Adolescent/Transition

Captions on DVDs

Viewers of DVDs and Blu-ray disks usually have the option of viewing captions.

DVDs that have closed captions or subtitles may indicate that on the cover.  To turn captions on, go to the 'menu' on the DVD and look for the 'languages' category.  Either 'closed captions' (CC) or 'subtitles for deaf and hard of hearing' (SDH) will show up.  Select the option and proceed to play the DVD.

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Alternative and Augmentative Communication--What Is It?

People may have difficulty speaking due to a physical injury or a disability (e.g., cerebral palsy), a cognitive impairment (such as brain injury or autism), or both physical and cognitive disabilities. Some of these people use alternative and augmentative communication (AAC) strategies for communication. This article covers the general principles of AAC; more information about specific strategies is in our article about Alternative and Augmentative Communication--What are the Options?

AAC needs to be matched to the user's physical and cognitive capabilities, but also to the immediacy of their communication needs. If someone is trying to communicate, it is better to quickly provide simple but reasonably effective strategies, such as a sheet of paper with pictures that she can point to, than to wait until more sophisticated options are available.

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Telecommunication Relay Service (TRS)

Telecommunication Relay Service (background article.

">TRS) is a family of free services that lets people who are deaf, hard of hearing, deaf-blind, or speech impaired independently place and receive phone calls.  A communication assistant (CA) "translates" between a text or sign language user on one side and a voice telephone user on the other.

This article covers the various types of relay services and how to use them.

background article.

">TRS includes:

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PDF Accessibility

Portable Document Format (PDF) is a common file format that allows the layout of a document to look the same across different platforms and applications. This article explains how to view and create PDFs with accessibility in mind.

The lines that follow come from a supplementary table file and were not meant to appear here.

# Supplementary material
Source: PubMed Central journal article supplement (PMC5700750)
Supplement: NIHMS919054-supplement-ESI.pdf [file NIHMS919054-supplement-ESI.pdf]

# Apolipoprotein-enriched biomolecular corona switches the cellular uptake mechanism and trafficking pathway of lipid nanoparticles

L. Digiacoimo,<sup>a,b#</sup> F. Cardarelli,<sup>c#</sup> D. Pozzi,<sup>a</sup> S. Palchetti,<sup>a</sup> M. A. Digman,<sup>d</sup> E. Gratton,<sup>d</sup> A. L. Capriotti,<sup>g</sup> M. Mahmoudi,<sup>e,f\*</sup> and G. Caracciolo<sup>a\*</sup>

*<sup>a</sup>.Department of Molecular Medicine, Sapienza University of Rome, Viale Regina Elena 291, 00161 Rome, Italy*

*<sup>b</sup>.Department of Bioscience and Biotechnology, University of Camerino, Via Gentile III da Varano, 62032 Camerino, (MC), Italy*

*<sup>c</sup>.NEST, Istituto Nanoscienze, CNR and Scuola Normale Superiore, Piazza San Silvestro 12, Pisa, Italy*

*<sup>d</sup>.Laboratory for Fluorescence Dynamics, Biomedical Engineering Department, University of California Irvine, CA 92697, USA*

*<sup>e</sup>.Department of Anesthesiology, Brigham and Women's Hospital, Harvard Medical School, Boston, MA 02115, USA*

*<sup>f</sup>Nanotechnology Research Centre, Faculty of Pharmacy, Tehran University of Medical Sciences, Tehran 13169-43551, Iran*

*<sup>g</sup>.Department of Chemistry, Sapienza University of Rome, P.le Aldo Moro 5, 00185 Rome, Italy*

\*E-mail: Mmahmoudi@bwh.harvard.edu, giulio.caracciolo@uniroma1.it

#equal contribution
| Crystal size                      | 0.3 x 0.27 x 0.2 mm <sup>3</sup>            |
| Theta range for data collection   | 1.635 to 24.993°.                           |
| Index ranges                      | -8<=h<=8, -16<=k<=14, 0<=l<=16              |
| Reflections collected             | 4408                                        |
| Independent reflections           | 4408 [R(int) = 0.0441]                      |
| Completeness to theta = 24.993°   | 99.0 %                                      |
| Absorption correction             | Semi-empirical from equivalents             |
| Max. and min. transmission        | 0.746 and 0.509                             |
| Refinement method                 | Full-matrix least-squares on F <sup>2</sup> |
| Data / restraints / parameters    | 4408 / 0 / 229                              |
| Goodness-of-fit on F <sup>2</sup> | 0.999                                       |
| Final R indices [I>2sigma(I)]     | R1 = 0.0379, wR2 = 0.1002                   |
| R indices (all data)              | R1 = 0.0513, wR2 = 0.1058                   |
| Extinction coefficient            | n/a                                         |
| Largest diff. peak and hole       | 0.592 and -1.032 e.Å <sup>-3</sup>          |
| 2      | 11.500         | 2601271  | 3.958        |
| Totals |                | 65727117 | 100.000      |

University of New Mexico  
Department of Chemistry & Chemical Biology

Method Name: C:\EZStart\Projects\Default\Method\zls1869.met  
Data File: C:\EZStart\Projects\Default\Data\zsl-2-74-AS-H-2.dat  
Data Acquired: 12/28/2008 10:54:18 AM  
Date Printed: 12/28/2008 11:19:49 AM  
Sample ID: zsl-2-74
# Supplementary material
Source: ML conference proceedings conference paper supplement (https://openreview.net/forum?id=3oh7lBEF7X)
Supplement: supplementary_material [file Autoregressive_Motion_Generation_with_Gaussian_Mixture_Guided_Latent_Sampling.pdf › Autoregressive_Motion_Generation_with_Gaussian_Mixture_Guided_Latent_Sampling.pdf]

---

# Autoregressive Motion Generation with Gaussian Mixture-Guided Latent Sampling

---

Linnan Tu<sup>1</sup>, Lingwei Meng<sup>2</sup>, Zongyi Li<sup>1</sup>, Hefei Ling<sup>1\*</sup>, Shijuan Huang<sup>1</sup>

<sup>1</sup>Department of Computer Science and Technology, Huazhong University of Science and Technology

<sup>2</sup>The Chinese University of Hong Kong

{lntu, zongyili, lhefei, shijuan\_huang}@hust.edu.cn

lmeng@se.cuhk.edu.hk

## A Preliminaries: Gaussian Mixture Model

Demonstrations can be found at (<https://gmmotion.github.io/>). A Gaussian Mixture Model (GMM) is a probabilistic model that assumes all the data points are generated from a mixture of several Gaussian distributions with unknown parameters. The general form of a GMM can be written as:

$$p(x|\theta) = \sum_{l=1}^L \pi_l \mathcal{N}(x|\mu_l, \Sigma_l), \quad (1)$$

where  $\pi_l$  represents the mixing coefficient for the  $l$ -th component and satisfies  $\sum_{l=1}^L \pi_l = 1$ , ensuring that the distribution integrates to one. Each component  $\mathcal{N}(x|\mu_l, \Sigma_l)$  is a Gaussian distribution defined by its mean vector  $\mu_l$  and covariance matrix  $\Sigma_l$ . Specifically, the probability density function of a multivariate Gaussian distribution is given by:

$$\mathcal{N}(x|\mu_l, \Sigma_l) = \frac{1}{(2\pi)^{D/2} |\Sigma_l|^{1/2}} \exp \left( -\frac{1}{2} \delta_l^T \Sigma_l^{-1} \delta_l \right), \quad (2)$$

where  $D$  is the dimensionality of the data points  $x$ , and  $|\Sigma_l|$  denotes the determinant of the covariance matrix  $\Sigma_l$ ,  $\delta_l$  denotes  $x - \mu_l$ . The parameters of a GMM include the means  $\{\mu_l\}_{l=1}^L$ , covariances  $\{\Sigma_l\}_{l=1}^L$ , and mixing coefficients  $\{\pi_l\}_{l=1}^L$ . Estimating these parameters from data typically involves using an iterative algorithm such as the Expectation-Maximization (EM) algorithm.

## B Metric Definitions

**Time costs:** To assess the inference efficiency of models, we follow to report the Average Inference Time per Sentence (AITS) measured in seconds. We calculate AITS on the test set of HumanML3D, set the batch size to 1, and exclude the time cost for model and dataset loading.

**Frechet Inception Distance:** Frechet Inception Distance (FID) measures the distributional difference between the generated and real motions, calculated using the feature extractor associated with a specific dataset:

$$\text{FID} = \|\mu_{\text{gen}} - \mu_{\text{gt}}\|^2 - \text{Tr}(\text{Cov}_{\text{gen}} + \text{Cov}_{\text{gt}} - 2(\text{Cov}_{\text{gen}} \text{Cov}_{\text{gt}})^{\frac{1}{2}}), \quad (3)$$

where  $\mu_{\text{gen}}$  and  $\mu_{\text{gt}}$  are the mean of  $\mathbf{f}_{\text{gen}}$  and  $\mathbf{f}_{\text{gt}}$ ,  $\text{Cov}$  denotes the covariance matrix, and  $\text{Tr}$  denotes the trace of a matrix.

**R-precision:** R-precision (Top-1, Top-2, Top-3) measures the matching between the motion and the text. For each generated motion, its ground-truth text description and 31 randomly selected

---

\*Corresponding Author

Viewing PDFs

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Mobile Phones and Vision Loss

The main problem for blind and low vision mobile phone users is access to the screen: menus, address books, text messages, incoming call information, etc.  Just like computers, the solutions are to enlarge the text or turn it into speech.  Some phones have these features right out of the box; others require add-on software that may cost as much as $400.

This article will cover some of the options available, and point you to more information resources in this fast-moving market.

Built-in Features

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Free and Cheap Screen Readers

Screen reader software converts text on a computer screen into synthetic speech and/or braille. The software also allows the keyboard to replace the mouse in controlling the computer, and provides other help in navigating. Although the most popular screen readers cost about $1000, this article covers some that are free or at low cost. They work relatively well with the basic popular software applications and general Internet tools, but do not have the "power user" features found on the more sophisticated programs.

Windows

NVDA (non-visual desktop access) is an open-source screen reader for Windows. It works with common programs such as Microsoft Word and Internet Explorer.

Thunder is another free Windows screen reader offered by a group in the United Kingdom.